as expected, on embryonic stem cell research. It turns out to be

somewhat broader than some had anticipated. And there's been a lot of

criticism that scientists at NIH and researchers at NIH will have too

much -- too much say -- too much direction to formulate the rules on

this of research.

What do you think about this issue?

GRASSLEY: Well, I can tell you what I think about it. I'm not

sure I can comment on the broadening of it or what NIH might have

authority to do or not do that could do things greater than what was

anticipated.

GRASSLEY: I have been for stem cell research that you would call

adult stem cells from umbilical cords. I have been for just a new

science where you can -- and I don't know how far along this is, but

I've read a lot about it in papers, so it must be coming along --

where you can get stem cells without doing damage to the egg.

And so that leaves me in support of stem cell research but

against embryonic stem cell research where you destroy the life and

the egg in the process of harvesting stem cells.

Now, my rationale is more economic than it is ideological. We've

got X number of dollars to do on stem cell research and, particularly,

in adult stem cell research, we've got 70 therapies that it can be

used for and has been used for. And I always use the example of a Mr.

Fagie (ph) who used to live in Waverly and I think he lives in Florida

most of his life now. Well, he used in live in Virginia, too.

But he was a page in the legislature when I was there, and he

came to me one day -- well, he did see me a few times over the course

of the years I've been in Congress but not too often. But he came to

me and he says I've only got 15 percent use of my heart, and I'm going

to go to Bangkok because FDA hadn't approved this therapy here.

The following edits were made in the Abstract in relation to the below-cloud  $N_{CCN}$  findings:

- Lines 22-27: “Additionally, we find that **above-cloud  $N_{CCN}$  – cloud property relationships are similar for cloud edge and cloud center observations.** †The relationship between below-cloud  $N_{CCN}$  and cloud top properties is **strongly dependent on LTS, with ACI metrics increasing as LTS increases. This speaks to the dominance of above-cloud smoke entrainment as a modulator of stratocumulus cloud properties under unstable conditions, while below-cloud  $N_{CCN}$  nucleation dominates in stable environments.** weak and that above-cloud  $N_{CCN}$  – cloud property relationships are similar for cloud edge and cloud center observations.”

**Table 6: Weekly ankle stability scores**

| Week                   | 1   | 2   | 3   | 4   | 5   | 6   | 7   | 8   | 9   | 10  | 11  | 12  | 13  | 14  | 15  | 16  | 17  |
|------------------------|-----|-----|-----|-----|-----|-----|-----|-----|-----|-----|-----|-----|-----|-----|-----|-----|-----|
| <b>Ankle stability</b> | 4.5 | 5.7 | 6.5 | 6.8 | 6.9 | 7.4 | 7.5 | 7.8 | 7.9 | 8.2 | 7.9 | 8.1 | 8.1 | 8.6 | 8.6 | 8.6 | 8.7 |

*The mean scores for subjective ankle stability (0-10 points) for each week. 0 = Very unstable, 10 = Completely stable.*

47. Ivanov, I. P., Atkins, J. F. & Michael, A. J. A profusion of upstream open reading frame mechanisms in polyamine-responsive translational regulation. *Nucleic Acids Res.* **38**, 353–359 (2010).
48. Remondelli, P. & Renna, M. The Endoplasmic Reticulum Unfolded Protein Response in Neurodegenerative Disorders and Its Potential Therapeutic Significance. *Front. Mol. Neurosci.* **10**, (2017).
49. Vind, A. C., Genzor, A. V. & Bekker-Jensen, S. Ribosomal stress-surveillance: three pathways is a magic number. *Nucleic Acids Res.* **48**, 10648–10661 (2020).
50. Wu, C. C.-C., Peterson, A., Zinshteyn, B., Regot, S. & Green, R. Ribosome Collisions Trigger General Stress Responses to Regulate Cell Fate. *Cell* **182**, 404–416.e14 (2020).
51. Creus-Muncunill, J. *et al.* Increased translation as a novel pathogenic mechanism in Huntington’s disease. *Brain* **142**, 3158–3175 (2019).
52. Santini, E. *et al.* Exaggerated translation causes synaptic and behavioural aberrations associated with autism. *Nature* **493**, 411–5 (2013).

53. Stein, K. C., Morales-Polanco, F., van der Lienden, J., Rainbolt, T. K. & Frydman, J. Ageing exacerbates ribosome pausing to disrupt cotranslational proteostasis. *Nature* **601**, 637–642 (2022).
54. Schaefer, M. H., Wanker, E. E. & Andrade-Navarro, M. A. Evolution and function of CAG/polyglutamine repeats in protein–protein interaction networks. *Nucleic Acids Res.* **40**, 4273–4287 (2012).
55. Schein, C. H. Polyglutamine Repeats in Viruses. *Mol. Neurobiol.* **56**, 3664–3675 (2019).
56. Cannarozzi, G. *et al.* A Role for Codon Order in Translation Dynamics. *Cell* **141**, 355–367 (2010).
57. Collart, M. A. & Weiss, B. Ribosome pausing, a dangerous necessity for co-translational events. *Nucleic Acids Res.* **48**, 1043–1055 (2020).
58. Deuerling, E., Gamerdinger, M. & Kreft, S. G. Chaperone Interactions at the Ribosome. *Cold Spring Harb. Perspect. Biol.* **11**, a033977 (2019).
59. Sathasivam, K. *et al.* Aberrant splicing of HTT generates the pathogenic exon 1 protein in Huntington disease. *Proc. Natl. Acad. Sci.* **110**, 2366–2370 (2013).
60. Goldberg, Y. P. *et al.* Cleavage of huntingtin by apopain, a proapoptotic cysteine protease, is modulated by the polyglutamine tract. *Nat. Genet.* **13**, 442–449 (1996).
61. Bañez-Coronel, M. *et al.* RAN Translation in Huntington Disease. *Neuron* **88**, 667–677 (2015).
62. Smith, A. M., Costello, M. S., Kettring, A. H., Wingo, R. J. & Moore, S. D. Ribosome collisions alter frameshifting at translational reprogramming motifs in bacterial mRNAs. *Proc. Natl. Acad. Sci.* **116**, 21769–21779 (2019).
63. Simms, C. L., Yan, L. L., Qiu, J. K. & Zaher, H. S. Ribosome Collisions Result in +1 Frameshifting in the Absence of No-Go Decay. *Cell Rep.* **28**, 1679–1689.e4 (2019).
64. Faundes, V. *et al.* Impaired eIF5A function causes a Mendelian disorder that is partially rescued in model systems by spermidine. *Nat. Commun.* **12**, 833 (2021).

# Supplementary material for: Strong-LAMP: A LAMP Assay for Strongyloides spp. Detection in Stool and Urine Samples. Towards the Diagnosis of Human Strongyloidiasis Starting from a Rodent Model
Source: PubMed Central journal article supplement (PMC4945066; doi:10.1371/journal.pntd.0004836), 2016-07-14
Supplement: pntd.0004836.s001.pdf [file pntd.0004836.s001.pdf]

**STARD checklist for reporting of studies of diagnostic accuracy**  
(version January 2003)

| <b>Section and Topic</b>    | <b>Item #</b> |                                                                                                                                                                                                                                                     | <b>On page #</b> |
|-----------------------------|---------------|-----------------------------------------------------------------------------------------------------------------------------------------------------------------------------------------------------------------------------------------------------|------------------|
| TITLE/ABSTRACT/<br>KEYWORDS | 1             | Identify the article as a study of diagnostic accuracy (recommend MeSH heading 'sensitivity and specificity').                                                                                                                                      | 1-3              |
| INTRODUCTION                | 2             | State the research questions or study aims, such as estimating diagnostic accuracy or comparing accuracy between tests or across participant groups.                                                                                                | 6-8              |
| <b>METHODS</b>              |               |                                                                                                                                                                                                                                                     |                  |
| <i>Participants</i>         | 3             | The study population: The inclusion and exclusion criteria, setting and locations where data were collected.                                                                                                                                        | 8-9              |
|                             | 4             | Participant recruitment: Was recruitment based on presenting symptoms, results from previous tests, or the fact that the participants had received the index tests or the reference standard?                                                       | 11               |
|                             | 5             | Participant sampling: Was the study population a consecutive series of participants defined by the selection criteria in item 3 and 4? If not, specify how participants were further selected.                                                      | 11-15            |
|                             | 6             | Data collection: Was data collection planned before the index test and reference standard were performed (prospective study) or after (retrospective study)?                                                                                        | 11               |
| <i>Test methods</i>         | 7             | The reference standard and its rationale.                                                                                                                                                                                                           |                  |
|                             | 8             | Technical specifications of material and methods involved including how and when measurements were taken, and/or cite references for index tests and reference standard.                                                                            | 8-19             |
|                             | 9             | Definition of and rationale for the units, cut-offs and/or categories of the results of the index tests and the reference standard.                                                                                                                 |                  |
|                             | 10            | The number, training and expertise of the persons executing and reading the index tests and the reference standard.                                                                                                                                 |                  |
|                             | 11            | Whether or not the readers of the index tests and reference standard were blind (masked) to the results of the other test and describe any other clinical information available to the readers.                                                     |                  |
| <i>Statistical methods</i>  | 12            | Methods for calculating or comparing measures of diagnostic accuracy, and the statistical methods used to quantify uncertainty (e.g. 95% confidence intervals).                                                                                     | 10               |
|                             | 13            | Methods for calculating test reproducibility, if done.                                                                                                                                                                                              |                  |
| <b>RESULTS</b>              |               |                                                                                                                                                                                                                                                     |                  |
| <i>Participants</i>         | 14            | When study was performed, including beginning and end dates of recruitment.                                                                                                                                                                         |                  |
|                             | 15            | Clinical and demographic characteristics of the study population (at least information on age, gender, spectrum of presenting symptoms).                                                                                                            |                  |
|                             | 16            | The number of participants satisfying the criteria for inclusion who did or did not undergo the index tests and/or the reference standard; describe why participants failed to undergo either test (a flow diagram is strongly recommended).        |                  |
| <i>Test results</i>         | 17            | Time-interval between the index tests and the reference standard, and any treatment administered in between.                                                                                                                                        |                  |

And so he was injected with stem cell -- his own stem cells in

Bangkok. And he -- the last time I saw him, he was up to 70 or 80

percent functioning of his heart or however they measure it. At

least, compared to the 15, you quantify that it's quite an

improvement. And he couldn't have -- maybe some day he will be able

to do that here when FDA gets around to it.

But he's -- he's alive today because of adult stem cell. And so

with so many therapies being available, it seems to me that the

economic factor pushes in. You've got limited money, put it into

adult stem cell research where you've got proven results already and

can have, probably, more advanced results faster than you can with the

embryonic stem cells.

QUESTION: Do you think there's going to be any movement in the

Senate to reverse or change this decision by the president? And do

you see any success for that?

GRASSLEY: I think that there will be an attempt to do it. But I

imagine, in the Senate, it will get about 40 votes at best. And I

base that on the fact that there's been a couple things that the

president's reversed Bush regulations that we've already had votes on,

most often on this bill that just passed the Senate, this

appropriation bill.

So I expect that we'll have it on this as well.

QUESTION: OK. Thank you.

GRASSLEY: Let's see. I should go back to -- oh, no. I've

called everybody. Anybody have follow-ups or anybody I left out?

OK. Thank you all very much.